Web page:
What that means for Brenda is that the Wayne County Prosecutor’s Felony Non-Support (FNS) Unit has moved – or at least helped shrink – the mountain of missed child support payments which once shackled her to two, and sometimes three, jobs.
Wayne County Prosecutor Kym Worthy says it also means much to her office’s ongoing effort to “change the culture” of crime and violence in the county. Custodial parents working long hours can spur delinquency in those children left with little or no adult supervision during crucial hours.
Worthy’s special child support unit has been a financial lift for many children and parents reeling from missed child support payments. In three years, the unit has collected some $13 million for struggling families and children. Last year was a bonanza, with $7.9 million collected.
Nancy Neff, Worthy’s chief of the Felony Non-Support Unit, emphasized that “every cent” collected goes to the families of those who have been missing the funds.
“Typically, the custodial parent and their children have gone many, many months without seeing a payment,” she said. “Sometimes, the back payments due amount to up to $60,000.”
Worthy acknowledges that by using criminal charging, the FNS unit is a muscle-bound ally in the effort to help get overdue money for children and custodial parents. Still, she says the non-support issue cannot be simply boiled down to fathers fleeing from the obligation to support their children. A myriad of complex factors leads to a cycle of missed child support payments.
“Certainly, it would be inhumane not to take into consideration the economy and what some people are facing during difficult economic times,” said Worthy. “Our goal is not to put people in jail. We want to work with parents to bring down their outstanding child support debt. That means continuing their monthly child support payments and then paying a bit more to help bring down the debt.”
Working with non-custodial parents often involves encouraging these parents to report changes that might help them qualify for Friend of the Court adjustments in their child support obligations. Changes that could justify a reduction in a parent’s support obligation include a reduction of income or new financial responsibilities to other children.
Wayne County residents who want to get help from the FNS Unit must meet several requirements. They must currently have an active Friend of the Court case involving at least one child under 21 years of age. Custodial parents must be owed more than $5,000, and they must have reason to believe the non-custodial parent has a job and the means to pay support. The non-paying parent also must have been held in contempt by the court.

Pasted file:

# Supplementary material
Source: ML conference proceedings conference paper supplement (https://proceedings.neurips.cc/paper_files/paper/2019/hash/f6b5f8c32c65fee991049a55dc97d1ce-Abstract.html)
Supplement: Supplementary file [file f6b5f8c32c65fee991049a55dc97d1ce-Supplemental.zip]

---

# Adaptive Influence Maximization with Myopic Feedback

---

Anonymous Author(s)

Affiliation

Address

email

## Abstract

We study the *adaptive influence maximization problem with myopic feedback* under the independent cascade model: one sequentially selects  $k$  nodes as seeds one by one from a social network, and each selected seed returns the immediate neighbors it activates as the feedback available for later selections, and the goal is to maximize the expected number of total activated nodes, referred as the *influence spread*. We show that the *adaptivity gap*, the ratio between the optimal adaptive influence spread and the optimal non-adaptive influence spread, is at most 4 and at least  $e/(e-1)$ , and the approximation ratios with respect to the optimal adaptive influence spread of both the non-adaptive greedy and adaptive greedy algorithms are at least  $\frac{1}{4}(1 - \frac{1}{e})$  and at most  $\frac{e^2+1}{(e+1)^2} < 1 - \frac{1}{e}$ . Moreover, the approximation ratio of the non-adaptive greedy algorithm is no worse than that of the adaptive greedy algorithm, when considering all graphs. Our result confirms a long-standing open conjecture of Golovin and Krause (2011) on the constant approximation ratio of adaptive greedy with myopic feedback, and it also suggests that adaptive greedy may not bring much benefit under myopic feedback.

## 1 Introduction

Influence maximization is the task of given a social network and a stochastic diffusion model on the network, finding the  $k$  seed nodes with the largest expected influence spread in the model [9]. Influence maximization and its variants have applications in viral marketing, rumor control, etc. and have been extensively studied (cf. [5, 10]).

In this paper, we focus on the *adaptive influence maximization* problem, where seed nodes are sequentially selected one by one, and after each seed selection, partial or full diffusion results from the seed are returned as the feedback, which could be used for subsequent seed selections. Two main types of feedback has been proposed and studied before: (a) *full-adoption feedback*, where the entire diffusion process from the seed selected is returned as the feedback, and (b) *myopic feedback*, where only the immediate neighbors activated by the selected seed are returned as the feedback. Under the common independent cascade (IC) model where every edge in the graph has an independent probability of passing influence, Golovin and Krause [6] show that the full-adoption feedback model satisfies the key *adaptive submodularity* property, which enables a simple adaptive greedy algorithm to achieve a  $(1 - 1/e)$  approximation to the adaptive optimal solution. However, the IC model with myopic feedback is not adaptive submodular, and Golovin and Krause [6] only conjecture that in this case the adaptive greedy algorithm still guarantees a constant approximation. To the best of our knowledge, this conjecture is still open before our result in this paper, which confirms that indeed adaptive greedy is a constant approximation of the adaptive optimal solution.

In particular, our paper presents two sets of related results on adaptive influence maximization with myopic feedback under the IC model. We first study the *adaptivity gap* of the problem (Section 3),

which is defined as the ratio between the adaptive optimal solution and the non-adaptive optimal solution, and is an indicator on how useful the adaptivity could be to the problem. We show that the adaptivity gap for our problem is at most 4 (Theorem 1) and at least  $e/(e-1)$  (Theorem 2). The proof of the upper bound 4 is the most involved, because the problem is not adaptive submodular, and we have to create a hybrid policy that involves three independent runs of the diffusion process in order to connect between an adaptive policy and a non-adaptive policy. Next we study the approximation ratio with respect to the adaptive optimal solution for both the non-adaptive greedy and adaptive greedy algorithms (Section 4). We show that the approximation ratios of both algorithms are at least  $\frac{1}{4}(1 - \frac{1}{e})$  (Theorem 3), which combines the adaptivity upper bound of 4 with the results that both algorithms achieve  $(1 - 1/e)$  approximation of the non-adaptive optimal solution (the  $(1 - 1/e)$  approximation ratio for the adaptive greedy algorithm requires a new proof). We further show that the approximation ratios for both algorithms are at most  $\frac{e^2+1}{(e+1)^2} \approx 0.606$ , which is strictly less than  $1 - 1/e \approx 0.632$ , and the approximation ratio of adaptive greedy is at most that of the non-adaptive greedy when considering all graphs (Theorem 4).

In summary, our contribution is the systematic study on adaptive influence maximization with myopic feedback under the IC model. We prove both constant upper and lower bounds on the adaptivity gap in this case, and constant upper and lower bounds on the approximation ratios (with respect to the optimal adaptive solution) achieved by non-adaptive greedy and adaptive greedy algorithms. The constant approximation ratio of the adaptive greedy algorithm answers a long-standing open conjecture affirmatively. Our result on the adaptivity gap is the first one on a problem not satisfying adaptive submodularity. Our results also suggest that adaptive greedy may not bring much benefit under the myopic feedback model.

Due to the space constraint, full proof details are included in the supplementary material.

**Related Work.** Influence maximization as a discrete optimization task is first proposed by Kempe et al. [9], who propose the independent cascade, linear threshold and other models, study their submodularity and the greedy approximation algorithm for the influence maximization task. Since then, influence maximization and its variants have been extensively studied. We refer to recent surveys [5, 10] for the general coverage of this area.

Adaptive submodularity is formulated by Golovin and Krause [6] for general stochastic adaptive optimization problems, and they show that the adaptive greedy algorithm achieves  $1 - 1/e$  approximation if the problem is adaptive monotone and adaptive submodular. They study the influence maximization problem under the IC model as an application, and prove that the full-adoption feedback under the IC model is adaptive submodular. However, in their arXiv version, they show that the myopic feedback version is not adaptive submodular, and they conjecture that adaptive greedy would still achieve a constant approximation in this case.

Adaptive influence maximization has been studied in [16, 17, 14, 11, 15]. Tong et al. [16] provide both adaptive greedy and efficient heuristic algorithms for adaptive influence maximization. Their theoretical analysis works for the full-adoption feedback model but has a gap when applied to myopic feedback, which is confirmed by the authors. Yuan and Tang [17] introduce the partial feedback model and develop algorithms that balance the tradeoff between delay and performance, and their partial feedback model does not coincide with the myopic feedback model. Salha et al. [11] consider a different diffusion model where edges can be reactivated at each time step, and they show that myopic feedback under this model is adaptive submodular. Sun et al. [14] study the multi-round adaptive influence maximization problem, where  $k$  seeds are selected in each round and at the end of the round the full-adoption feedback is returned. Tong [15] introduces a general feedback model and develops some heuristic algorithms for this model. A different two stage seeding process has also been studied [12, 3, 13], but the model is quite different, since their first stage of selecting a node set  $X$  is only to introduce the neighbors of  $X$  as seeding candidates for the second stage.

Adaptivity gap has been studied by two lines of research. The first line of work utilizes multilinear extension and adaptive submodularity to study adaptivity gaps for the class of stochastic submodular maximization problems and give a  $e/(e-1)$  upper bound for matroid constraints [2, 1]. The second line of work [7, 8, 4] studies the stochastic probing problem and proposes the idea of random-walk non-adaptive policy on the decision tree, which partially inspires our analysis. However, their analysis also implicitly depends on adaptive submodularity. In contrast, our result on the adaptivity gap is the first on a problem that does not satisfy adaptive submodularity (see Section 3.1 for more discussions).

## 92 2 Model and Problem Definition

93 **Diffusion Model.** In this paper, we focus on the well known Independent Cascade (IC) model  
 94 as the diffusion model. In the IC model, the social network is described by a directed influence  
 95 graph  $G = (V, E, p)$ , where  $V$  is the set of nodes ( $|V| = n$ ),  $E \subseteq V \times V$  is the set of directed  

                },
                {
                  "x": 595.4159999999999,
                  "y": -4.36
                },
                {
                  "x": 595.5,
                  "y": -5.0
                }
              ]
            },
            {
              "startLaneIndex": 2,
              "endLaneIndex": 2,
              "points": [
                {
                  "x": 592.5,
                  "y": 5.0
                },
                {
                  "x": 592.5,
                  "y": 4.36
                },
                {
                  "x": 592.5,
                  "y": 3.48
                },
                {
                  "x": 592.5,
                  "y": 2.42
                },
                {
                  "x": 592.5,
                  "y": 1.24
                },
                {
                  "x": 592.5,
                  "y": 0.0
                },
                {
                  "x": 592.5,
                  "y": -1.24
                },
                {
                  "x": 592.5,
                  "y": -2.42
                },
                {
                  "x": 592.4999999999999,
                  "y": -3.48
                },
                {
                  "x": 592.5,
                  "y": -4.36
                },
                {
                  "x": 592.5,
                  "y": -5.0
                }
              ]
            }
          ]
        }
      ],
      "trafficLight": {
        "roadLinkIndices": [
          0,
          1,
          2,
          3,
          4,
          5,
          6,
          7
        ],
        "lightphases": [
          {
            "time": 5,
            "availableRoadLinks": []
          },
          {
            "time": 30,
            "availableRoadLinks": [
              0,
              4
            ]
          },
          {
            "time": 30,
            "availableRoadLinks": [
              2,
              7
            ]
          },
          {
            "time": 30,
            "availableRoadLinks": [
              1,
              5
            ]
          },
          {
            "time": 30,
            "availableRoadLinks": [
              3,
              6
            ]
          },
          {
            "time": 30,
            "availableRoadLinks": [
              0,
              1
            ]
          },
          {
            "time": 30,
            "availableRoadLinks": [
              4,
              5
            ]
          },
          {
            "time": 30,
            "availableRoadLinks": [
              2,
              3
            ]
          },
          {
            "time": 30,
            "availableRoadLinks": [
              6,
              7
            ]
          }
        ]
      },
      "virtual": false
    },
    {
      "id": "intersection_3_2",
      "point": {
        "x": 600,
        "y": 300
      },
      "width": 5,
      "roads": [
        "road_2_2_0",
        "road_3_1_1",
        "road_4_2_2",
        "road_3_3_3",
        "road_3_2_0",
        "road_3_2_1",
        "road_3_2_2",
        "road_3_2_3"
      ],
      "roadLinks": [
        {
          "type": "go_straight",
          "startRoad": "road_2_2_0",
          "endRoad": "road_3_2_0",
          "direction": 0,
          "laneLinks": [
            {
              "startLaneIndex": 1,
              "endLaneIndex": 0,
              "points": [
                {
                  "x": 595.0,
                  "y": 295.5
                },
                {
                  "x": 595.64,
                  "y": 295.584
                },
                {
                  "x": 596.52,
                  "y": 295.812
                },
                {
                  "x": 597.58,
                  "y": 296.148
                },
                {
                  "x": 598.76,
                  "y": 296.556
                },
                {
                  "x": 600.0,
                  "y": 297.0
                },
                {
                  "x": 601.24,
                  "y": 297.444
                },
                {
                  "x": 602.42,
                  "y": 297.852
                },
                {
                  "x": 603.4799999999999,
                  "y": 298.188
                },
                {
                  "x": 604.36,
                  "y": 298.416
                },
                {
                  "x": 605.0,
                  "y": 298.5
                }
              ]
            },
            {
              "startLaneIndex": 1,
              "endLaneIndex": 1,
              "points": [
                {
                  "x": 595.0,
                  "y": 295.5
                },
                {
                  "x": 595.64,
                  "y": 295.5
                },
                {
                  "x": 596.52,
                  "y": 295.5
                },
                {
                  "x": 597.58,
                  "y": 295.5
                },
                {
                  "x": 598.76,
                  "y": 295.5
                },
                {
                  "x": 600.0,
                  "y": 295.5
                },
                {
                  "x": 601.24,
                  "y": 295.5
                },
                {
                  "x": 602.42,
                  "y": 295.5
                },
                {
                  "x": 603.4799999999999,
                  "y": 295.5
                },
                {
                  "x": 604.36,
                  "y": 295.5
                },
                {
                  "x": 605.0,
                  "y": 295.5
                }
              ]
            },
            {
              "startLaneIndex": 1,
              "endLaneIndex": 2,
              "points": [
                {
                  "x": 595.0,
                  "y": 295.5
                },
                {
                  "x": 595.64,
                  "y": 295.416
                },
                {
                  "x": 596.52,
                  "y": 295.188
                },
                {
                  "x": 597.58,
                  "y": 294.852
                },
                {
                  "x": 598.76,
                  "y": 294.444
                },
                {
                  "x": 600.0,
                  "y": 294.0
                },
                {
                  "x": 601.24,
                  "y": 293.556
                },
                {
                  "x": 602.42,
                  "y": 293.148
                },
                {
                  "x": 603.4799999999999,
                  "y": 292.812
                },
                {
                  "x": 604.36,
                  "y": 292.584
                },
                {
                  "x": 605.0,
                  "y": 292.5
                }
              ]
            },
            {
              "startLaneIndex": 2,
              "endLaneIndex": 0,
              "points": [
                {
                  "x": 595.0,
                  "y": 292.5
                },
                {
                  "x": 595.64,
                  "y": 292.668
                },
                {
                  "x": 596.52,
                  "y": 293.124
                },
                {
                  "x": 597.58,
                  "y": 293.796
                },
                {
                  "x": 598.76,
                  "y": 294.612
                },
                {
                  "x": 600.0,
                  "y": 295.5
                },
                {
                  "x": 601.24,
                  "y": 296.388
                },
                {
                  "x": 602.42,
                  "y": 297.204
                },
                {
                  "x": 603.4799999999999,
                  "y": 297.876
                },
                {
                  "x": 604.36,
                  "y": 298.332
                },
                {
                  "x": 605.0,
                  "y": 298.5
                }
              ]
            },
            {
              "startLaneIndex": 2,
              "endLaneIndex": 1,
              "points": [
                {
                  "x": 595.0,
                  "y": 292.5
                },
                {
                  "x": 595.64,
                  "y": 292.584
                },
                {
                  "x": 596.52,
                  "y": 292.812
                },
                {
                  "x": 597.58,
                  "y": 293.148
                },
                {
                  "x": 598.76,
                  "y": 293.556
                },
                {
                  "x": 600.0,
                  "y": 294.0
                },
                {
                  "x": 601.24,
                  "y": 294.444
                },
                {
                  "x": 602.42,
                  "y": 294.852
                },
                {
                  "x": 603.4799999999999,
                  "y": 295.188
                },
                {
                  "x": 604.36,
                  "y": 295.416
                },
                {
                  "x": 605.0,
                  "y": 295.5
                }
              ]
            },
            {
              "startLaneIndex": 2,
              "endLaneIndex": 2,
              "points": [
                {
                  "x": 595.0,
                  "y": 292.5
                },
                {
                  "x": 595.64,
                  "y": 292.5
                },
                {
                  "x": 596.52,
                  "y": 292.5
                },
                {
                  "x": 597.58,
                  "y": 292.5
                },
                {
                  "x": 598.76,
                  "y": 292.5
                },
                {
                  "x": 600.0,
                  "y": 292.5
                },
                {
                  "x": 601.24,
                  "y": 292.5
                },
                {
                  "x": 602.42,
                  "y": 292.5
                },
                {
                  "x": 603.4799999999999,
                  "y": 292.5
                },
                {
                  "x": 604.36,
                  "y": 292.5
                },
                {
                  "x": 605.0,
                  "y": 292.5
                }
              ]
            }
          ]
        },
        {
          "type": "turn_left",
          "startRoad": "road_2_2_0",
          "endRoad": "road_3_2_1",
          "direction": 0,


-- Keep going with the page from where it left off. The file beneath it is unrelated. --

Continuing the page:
When cases are approved for prosecution, a writ is issued for the arrest of the non-paying parent, but the parent is given an opportunity to turn him or herself in. Submitting to the arrest voluntarily and immediately paying past due support will result in the case being dismissed. By agreeing to a payment plan – and complying with the terms – many of the offenders have had their cases ultimately dismissed.
On the other hand, those convicted of not supporting their children could face jail or other sanctions.
Some alleged child support offenders have refused to turn themselves in. They take a more difficult path, said Neff. The FNS Unit (which includes Sheriff’s Dept. deputies and detectives as well as lawyers) has issued warrants leading to the arrest of more than 2,000 suspected offenders. One arrest involved a non-paying parent who jumped out of a window to escape, only to have deputies successfully track him following footprints in the snow.
Neff said the unit considers a number of factors before agreeing to prosecute, including the potential for violence by some child support offenders. If the non-custodial parent has a history of violence or has threatened violence, the FNS unit may not handle the case. Cases marked by a potential for violence, Neff explained, may be more appropriate for other units of the Prosecutor’s Office, including the Child and Family Abuse Bureau (C-FAB).
Experts say verification of sometimes elusive income can be produced when custodial parents report the non-paying parent has discussed buying new, big-ticket items such as big-screen TVs or taking expensive vacations. Other times, the non-custodial parent claims to be without income but slips and tells children he or she is “on the way to work.”
While Worthy cautions against seeing all non-paying parents in a completely negative light, she says some so-called deadbeat parents choose to play a drawn-out, cat-and-mouse game with the Friend of the Court’s efforts to secure payments through civil means such as garnisheed payroll checks. These non-paying parents may work one job, quit, move and get another job to dodge recovery efforts, investigators say.
The fallout from abandonment by non-paying, non-custodial parents can include emotional trauma to children, experts say. Children who may long for physical involvement and financial support from the parent who does not live in the home may also see the parent who lives in the home ripped from them. That in-home, custodial parent is taken away by the need to work backbreaking hours, prosecutors say.
“A lot of these women are working (multiple) jobs,” said Neff. “That means kids who may not have had both parents in the house now also don’t have the custodial parent there much either. I actually had one mom tell me that her kids were in counseling because of abandonment issues surrounding her need to work multiple jobs. Once we were successful in getting the non-custodial parent to make payments, the mother was at home more and the family was able to stop the counseling.”
For more information on the Felony Non-Support Unit of the Wayne County Prosecutor’s Office, call (313) 224-0465.
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